Searching for an oriental paradise? : Imaginaries, tourist experiences and socio-cultural impacts of mega-cruise tourism in the sultanate of Oman
Gutberlet, Manuela; Pfaffenbach, Carmella Diana (Thesis advisor); Müller, Dieter (Thesis advisor)
Aachen (2017) [Dissertation / PhD Thesis]
Page(s): 1 Online-Ressource (IX,150 Seiten) : Illustrationen, Diagramme, Karten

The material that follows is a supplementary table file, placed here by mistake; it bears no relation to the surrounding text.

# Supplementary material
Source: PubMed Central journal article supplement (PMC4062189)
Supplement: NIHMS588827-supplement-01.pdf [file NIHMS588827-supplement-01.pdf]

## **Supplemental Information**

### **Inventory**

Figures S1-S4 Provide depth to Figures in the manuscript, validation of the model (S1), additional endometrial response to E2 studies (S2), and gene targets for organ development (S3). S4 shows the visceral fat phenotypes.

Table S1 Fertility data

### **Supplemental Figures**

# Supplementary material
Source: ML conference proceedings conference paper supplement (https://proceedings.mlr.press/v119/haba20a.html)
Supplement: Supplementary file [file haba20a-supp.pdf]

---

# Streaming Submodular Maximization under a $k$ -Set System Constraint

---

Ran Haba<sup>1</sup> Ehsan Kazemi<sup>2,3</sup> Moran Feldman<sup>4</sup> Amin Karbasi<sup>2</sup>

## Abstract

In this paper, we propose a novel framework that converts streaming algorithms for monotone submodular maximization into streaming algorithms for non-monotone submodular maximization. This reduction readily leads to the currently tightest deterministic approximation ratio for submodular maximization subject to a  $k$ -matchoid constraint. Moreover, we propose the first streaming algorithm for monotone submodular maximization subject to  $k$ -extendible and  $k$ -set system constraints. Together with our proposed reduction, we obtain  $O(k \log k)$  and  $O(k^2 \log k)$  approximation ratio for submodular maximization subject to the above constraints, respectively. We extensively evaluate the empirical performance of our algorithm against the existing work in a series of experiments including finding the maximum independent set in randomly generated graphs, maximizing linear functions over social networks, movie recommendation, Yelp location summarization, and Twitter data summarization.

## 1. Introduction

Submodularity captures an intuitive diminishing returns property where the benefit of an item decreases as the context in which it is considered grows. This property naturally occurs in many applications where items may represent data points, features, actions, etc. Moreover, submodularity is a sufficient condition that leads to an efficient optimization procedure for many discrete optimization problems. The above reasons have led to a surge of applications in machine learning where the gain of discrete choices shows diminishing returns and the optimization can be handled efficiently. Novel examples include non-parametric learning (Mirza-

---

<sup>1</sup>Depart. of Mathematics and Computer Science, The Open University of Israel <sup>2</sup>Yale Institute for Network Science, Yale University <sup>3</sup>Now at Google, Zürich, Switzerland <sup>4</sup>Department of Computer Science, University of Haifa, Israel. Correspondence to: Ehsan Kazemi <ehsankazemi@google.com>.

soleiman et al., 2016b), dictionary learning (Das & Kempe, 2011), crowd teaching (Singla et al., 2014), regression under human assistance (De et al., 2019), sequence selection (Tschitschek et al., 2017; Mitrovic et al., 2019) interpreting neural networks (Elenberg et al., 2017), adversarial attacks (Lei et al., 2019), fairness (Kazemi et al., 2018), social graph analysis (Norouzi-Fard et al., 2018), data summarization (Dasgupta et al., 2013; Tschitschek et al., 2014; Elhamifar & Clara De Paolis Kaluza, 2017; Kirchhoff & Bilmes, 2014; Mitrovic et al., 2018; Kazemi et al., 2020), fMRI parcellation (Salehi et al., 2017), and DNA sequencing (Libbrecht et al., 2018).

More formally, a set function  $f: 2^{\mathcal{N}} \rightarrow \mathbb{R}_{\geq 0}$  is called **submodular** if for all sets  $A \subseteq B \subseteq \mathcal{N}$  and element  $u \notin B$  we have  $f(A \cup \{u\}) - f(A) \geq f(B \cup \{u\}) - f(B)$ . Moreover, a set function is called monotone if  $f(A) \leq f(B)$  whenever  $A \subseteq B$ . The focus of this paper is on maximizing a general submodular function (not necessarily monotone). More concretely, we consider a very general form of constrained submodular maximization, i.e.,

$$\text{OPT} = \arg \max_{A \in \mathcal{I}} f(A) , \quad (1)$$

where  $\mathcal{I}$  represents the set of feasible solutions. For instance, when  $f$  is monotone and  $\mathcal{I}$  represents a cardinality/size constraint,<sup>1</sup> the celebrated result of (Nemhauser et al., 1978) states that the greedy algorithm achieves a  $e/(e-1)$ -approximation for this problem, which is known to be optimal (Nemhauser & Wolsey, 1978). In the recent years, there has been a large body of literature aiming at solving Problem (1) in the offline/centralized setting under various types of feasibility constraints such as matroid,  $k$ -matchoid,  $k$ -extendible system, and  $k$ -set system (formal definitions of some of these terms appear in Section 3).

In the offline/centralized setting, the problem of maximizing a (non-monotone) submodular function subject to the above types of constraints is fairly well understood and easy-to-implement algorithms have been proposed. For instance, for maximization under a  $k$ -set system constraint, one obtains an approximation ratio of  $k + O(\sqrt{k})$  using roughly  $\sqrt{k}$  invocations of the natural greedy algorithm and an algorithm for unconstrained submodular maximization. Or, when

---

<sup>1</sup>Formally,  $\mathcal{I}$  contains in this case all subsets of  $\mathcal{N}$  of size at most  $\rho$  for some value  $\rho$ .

The thesis is grounded in the discussion on the rapid increase in international mega-cruise tourism “club ships” or “holiday-at-sea packages” (UNWTO 2010) which promote cultural globalization of tourism space through their practices and worldwide circulation of imaginaries. The purpose of this thesis is to examine the processes that shape the tourists’ multi-sensuous and embodied experiences and the socio-cultural impacts within the host-guest encounter. The following research questions were examined: What are the German-speaking cruise tourists’ imaginaries, on-site experiences and performances? What are the socio-cultural impacts of mega-cruise tourism and how do the local community and government officials cope with these impacts? Has tourism changed the locals’ understanding of the socio-cultural surrounding? What are the future plans for tourism development, and in particular for cruise tourism? The Sultanate of Oman is an emerging cruise destination in Asia. The first mega-cruise ship AIDAblu arrived in Muscat in 2004. The number of ship arrivals in Oman rose from 25 cruise ships and 7,783 tourists in 2005 to 135 cruise ships carrying 257,000 tourists in 2013. Most of the cruise tourists are German-speaking; they originate from Germany, Austria or Switzerland. Mega-cruise ships are large ships, having a maximum capacity of more than 1800 passengers and crew. Two prime tourist destinations have been examined as case studies: Souq Muttrah, an urban, heritage attraction located opposite to the port, and the Sharquiyah Sands desert, together with a nearby oasis which is a nature and cultural destination on the periphery. These places exemplify on the one hand “Oriental imaginaries of the Otherness” and on the other hand the dramatic socio-cultural changes that emerging cruise destinations are currently undergoing. The thesis considers the voices of different stakeholders in tourism: tourists, local communities and government officials. Fieldwork was conducted between 2011 and 2014. The research methods applied were two large questionnaire surveys among German-speaking cruise tourists of two different mega-cruise liners as well as participant observation, travel ethnography, counting, photography, walking interviews with different types of tourists and in-depth interviews with a large number of local stakeholders. These stakeholders included local and onboard tour guides, tour operators, the resident community, day visitors, business owners, shop vendors, environmental experts, as well as high-ranking decision-makers in the government: the Minister of Tourism, the Minister of Environment and Climate Affairs, the Assistant Grand Mufti, the Wali of Muttrah and other officials. Moreover, guidebooks, newspaper articles, websites of cruise companies and onboard newsletters were analysed together with the website and official statistics of the Ministry of Tourism. In addition, favourite souvenir photos taken by the tourists interviewed were analysed for their content. During the travel with a mega-ship, time and space are compressed so that tourists experience the places within a short time, thus decontextualizing the social and cultural environment. In addition, the Omani government is promoting the tourism development of the port in Muttrah with the extension of the cruise terminal and the relocation of its cargo activities to Port Sohar, as well as the relocation of the wholesale part of Souq Muttrah to Barka. Due to the large number of cruise tourists who visit Souq Muttrah during the winter season, a tourist enclave or an “enclosed tourist bubble” similar to the cruise liner itself has developed along the main streets of the souq. This tourist bubble forms a unique space in itself, existing apart from the host-society. Therefore, the identity of the souq has changed dramatically. Local residents who live close to the souq feel socially excluded from the tourism development and create physical or social boundaries to protect themselves from the crowds of tourists. As another result of crowding and social distinction, individual and group tourists avoid sharing the same space with mega-cruise tourists. Similarly, local customers who sometimes come from far-away places for shopping avoid the souq when a mega-ship is in Muttrah. As a consequence, well-established shop owners and vendors relocate their shops to other places on the periphery of the “tourist bubble”. They are replaced in the “core bubble” by young Asian vendors who open up similar shops, offering cheap imported items like pashmina scarves with a more aggressive selling attitude. Nevertheless, my analysis has shown that most tourists perceive the souq as an unchanged, old, traditional and Oriental space. The majority of mega-cruise tourists surveyed enjoy the visual consumption of the place, but they buy little or nothing. The “tourist gaze” or the visual consumption pattern of tourists memorizing their visit in Souq Muttrah through photography is diverse. They reproduce romantic images of the souq and the “otherness” of the people. For most photographers the local people are seen as objects of the gaze. However, there is little involvement of the local community in the on-site tourist experiences. In addition to tourist photography this thesis analyses the multi-sensuous, embodied tourist experiences and performances in Souq Muttrah. The concept of performance refers to narratives, practices and the reproduction of space through mediated imaginaries about the exotic “Oriental other”. As such, the souq represents a stage, presenting mediated imaginaries, materialities, bodies and stories such as “The Arabian Nights” including “Sindbad the Sailor”, or the autobiography of “Princess Salme from Zanzibar”. The media, marketing material and cultural brokers label Oman as a fairy-tale country that is enacted in the souq as a kind of theme park, an Arabian Disneyland designed for consumption by the mega-cruise tourists, but with the social exclusion of locals and other tourists. Oriental imaginaries and power relations between the West and the Orient result in inconsiderate, mindless tourist dress behaviour and local reactions of culture shock. This demonstrates the conflicts which arise in cross-cultural communication when two cultures with different morals and value systems, as well as low and high context communication styles, meet within the same space. Furthermore, my results indicate that mega-cruise tourists are not sufficiently prepared for their visit, since local cultural brokers and the marketing material avoid clear information regarding local morals and values, including the conservative dress code for females. Imaginaries communicated on land and on board focus on social narratives about a sunny, “paradise-like” imaginary country. As a consequence, tourists wear revealing clothes while local people experience culture shock situations. Thus, the Sultanate officially promotes tolerance towards Western, non-Muslim tourists but within an “accommodationist” (Din 1989) approach towards a revealing dress behaviour. As a consequence, the tourist destination is transformed into a tourist-centred space, a “tourist bubble”, a commoditized place for consumption, preventing cross-cultural contacts and guarding against negative influences from the tourists and from the local community.In conclusion, the fast increase in cruise tourism and the arrival of Western mega-cruise tourists represent a socio-cultural “invasion” with negative impacts for the country and the host-communities. Hence, the impacts of mega-cruise tourism are in contrast with the vision of His Majesty Sultan Qaboos bin Said, promoting responsible tourism. Mega-cruise tourism is a challenge for the community, creating a potential for overcrowding space and socio-cultural conflicts for other tourists, the local, mainly conservative Muslim community, cultural brokers and government officials. Therefore, the large scale of cruise tourism and the Western concept of “hedonistic tourism” should be reconsidered. The guiding concept should be a “community-based tourism”, legally regulated and focussing on the long-term well-being of the local multi-ethnic community.